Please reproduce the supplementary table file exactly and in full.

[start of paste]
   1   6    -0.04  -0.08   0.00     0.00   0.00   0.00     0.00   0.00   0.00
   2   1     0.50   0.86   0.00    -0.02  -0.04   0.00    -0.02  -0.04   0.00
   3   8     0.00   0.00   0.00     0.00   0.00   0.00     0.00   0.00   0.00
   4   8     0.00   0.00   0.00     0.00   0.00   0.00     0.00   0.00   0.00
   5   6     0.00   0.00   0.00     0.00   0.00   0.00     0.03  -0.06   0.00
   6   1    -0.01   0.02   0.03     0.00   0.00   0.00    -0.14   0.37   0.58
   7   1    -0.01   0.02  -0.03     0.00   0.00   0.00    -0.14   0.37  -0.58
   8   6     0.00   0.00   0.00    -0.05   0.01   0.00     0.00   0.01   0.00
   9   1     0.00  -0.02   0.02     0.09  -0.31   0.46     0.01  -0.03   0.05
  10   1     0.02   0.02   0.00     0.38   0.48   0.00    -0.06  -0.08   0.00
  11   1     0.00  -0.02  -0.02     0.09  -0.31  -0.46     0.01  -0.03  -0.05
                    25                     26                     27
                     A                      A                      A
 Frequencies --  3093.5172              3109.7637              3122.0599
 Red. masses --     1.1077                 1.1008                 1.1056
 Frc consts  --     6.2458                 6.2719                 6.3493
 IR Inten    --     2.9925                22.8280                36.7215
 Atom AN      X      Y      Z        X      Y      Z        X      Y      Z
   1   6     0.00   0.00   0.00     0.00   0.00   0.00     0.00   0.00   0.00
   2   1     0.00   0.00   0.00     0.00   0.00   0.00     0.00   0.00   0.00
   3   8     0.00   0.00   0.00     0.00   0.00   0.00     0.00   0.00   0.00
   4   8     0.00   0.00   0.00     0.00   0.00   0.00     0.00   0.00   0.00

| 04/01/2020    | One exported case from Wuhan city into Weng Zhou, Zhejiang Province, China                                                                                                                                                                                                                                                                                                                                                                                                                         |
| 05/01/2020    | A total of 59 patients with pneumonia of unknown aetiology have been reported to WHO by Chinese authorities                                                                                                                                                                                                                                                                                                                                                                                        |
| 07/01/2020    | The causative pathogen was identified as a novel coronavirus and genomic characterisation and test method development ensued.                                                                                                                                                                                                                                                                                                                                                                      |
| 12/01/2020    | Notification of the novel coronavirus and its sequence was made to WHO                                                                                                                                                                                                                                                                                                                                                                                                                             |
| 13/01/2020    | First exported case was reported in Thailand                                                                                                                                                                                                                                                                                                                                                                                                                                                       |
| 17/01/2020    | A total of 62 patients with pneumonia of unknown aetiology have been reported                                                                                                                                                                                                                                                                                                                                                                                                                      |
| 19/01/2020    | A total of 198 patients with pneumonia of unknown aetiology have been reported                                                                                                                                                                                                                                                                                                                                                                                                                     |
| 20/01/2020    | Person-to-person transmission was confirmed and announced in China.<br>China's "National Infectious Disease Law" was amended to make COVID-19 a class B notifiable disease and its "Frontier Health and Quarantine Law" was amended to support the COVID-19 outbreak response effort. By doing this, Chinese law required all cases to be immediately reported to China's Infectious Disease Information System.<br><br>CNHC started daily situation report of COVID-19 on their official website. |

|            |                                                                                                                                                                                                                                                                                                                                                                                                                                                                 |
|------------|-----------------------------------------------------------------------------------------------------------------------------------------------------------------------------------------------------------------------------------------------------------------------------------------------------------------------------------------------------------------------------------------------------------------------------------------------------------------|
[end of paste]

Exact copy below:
   1   6    -0.04  -0.08   0.00     0.00   0.00   0.00     0.00   0.00   0.00
   2   1     0.50   0.86   0.00    -0.02  -0.04   0.00    -0.02  -0.04   0.00
   3   8     0.00   0.00   0.00     0.00   0.00   0.00     0.00   0.00   0.00
   4   8     0.00   0.00   0.00     0.00   0.00   0.00     0.00   0.00   0.00
   5   6     0.00   0.00   0.00     0.00   0.00   0.00     0.03  -0.06   0.00
   6   1    -0.01   0.02   0.03     0.00   0.00   0.00    -0.14   0.37   0.58
   7   1    -0.01   0.02  -0.03     0.00   0.00   0.00    -0.14   0.37  -0.58
   8   6     0.00   0.00   0.00    -0.05   0.01   0.00     0.00   0.01   0.00
   9   1     0.00  -0.02   0.02     0.09  -0.31   0.46     0.01  -0.03   0.05
  10   1     0.02   0.02   0.00     0.38   0.48   0.00    -0.06  -0.08   0.00
  11   1     0.00  -0.02  -0.02     0.09  -0.31  -0.46     0.01  -0.03  -0.05
                    25                     26                     27
                     A                      A                      A
 Frequencies --  3093.5172              3109.7637              3122.0599
 Red. masses --     1.1077                 1.1008                 1.1056
 Frc consts  --     6.2458                 6.2719                 6.3493
 IR Inten    --     2.9925                22.8280                36.7215
 Atom AN      X      Y      Z        X      Y      Z        X      Y      Z
   1   6     0.00   0.00   0.00     0.00   0.00   0.00     0.00   0.00   0.00
   2   1     0.00   0.00   0.00     0.00   0.00   0.00     0.00   0.00   0.00
   3   8     0.00   0.00   0.00     0.00   0.00   0.00     0.00   0.00   0.00
   4   8     0.00   0.00   0.00     0.00   0.00   0.00     0.00   0.00   0.00

| 04/01/2020    | One exported case from Wuhan city into Weng Zhou, Zhejiang Province, China                                                                                                                                                                                                                                                                                                                                                                                                                         |
| 05/01/2020    | A total of 59 patients with pneumonia of unknown aetiology have been reported to WHO by Chinese authorities                                                                                                                                                                                                                                                                                                                                                                                        |
| 07/01/2020    | The causative pathogen was identified as a novel coronavirus and genomic characterisation and test method development ensued.                                                                                                                                                                                                                                                                                                                                                                      |
| 12/01/2020    | Notification of the novel coronavirus and its sequence was made to WHO                                                                                                                                                                                                                                                                                                                                                                                                                             |
| 13/01/2020    | First exported case was reported in Thailand                                                                                                                                                                                                                                                                                                                                                                                                                                                       |
| 17/01/2020    | A total of 62 patients with pneumonia of unknown aetiology have been reported                                                                                                                                                                                                                                                                                                                                                                                                                      |
| 19/01/2020    | A total of 198 patients with pneumonia of unknown aetiology have been reported                                                                                                                                                                                                                                                                                                                                                                                                                     |
| 20/01/2020    | Person-to-person transmission was confirmed and announced in China.<br>China's "National Infectious Disease Law" was amended to make COVID-19 a class B notifiable disease and its "Frontier Health and Quarantine Law" was amended to support the COVID-19 outbreak response effort. By doing this, Chinese law required all cases to be immediately reported to China's Infectious Disease Information System.<br><br>CNHC started daily situation report of COVID-19 on their official website. |

|            |                                                                                                                                                                                                                                                                                                                                                                                                                                                                 |
|------------|-----------------------------------------------------------------------------------------------------------------------------------------------------------------------------------------------------------------------------------------------------------------------------------------------------------------------------------------------------------------------------------------------------------------------------------------------------------------|